The poll questioned 500 teachers of 11-13 year olds and found around a quarter believe that boys’ interest is often lost in the first few pages. Around one in five (22%) say it can happen within 50 pages and a further 24% at around the 100-page mark.
The research was conducted to mark the launch of Heroes, a school reading series aimed at boys. Of 260 boys aged 11-13 questioned, one in five said they prefer books with 100 pages or less.
Teachers become YouTube hit
Teachers at a high school in Fife have become a YouTube hit since they surprised pupils with an impromptu ‘flashdance’ performance, reports the Daily Mail.
Around 40 teachers at Bell Baxter High School in Cupar broke into a medley of cheesy pop songs in the school’s busy canteen, in honour of older pupils who were due to leave the school. Stunned pupils watched as teachers sang and danced to classic hits such as ‘YMCA’ and ‘Thriller’ before erupting into rapturous applause for the unexpected display. The YouTube hit has now racked up over 350,000 views.
The long and short of it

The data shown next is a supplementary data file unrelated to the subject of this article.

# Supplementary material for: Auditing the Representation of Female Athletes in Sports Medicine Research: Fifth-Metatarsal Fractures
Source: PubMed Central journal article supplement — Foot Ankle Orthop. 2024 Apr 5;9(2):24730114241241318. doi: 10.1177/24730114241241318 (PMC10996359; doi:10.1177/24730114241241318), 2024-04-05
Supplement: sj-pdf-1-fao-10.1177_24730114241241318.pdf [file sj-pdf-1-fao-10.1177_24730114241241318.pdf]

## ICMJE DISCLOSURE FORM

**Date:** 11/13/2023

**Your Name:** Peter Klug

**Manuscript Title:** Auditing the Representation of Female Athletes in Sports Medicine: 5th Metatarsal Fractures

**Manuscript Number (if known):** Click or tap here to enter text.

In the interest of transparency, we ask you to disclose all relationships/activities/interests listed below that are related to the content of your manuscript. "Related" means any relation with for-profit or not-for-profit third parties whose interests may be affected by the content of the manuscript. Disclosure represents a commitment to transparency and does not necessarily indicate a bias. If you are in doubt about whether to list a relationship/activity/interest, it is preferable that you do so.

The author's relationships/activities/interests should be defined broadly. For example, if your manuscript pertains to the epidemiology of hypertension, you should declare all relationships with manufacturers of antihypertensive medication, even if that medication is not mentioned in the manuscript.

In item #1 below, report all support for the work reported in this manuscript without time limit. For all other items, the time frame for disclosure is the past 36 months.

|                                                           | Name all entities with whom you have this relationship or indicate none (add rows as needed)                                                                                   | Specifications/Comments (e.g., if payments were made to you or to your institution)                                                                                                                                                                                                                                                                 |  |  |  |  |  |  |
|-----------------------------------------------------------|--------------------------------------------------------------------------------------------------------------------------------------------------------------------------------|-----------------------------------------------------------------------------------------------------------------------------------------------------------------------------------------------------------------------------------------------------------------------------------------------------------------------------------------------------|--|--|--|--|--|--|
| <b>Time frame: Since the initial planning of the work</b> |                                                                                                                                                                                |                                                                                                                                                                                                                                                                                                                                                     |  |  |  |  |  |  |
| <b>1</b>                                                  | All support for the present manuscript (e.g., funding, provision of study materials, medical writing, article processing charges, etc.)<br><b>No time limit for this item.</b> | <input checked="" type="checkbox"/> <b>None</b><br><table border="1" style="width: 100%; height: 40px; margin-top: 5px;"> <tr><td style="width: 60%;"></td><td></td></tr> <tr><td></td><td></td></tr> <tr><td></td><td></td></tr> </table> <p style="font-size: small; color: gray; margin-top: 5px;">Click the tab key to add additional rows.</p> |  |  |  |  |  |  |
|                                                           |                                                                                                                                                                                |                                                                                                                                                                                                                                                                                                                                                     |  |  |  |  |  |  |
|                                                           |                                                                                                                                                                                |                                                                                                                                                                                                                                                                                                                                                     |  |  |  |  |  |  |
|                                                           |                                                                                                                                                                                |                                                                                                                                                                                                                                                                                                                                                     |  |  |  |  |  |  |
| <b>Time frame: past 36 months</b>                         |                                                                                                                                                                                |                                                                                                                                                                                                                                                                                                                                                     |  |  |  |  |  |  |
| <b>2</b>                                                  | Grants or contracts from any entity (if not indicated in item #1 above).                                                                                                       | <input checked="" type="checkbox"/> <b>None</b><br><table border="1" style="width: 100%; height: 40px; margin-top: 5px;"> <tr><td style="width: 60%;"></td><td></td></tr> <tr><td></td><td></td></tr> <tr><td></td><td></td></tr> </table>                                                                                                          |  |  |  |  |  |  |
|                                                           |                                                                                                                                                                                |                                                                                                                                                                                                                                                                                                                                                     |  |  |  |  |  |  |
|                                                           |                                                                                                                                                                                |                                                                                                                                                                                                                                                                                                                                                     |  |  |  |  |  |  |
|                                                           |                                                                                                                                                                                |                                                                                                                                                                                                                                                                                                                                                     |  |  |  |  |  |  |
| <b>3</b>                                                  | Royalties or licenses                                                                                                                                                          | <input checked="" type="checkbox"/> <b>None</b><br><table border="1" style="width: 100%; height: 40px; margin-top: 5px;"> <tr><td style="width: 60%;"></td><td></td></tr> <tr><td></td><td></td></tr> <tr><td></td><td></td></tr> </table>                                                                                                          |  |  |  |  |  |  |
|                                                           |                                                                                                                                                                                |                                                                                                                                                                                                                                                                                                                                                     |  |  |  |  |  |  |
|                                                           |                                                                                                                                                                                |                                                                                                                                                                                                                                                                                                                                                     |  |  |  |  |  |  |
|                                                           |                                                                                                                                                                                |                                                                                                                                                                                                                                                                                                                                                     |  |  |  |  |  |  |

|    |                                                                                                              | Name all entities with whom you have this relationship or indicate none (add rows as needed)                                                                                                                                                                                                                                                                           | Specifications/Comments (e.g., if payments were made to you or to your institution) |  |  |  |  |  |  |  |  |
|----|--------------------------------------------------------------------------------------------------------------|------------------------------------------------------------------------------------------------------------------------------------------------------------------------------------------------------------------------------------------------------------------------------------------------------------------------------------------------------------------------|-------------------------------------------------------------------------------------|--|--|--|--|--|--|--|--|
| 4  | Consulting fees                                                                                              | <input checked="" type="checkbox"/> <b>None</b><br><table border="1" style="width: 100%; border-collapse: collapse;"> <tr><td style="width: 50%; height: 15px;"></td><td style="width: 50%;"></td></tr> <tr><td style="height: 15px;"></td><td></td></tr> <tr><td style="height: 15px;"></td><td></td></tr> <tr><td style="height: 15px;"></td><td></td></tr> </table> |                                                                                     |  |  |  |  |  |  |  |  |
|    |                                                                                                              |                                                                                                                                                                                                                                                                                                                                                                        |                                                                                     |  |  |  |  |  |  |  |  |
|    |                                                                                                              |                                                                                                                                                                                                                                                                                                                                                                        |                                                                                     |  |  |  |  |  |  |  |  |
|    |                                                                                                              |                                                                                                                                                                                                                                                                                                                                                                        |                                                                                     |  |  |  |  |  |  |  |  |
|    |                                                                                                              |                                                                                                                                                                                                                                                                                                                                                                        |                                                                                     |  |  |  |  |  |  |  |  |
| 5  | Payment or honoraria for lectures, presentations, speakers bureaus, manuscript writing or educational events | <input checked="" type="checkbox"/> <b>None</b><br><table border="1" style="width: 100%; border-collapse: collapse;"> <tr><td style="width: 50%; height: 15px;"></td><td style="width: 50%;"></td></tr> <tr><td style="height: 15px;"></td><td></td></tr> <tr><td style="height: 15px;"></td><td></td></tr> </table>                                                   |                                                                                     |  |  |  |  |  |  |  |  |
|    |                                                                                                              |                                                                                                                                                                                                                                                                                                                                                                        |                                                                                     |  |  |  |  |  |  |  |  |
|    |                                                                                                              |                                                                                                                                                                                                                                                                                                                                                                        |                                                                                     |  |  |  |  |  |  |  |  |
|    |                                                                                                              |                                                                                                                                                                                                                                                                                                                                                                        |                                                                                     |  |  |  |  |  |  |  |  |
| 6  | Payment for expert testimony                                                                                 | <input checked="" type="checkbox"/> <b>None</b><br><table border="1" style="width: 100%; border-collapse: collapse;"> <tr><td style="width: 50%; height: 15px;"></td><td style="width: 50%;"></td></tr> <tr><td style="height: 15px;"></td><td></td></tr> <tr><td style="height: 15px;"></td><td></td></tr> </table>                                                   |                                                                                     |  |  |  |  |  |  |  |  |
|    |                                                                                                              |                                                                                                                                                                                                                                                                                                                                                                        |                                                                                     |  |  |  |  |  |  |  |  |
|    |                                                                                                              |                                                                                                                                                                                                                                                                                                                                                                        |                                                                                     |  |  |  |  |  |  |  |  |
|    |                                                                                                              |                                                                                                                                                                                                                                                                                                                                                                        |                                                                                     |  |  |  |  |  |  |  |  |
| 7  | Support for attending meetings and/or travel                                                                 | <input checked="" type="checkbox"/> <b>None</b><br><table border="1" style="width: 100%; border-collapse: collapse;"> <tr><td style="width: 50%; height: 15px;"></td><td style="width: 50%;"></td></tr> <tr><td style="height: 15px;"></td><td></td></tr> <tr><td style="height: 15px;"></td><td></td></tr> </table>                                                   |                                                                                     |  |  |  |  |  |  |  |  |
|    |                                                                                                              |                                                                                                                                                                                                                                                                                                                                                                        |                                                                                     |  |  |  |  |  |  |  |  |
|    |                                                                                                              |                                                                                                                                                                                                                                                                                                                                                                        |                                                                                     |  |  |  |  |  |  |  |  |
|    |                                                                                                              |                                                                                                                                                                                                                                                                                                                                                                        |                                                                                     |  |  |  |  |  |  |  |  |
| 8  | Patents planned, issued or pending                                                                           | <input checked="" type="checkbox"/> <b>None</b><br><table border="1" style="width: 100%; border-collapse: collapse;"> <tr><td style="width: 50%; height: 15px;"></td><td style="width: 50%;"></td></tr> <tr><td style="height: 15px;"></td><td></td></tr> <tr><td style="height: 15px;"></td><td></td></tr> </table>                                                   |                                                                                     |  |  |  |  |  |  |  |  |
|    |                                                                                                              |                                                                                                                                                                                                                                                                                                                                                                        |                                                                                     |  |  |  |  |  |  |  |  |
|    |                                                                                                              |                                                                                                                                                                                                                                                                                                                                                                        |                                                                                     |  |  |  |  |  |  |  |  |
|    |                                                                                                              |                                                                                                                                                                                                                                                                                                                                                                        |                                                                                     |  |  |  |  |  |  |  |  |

A 12-year old pupil from Cambridge decided to tackle a rule he thought was discriminatory, by wearing a knee length skirt to school in protest, reports the Daily Telegraph.
Aspiring politician Chris Whitehead decided to wear the skirt in protest that boys are banned from wearing shorts during the summer months, while girls can wear skirts. He marched to school while a group of pupils waved banners, before addressing over 1000 pupils in morning assembly wearing the skirt.
Teacher in the mire over Facebook comments
A teacher in Cornwall has apologised after branding a pupil’s coursework as ‘s**te’ on Facebook. The teacher, from Falmouth School, made the comments after working late into the evening marking year 11 coursework. They were immediately contacted by the pupil who said the comments were a ‘bit harsh’.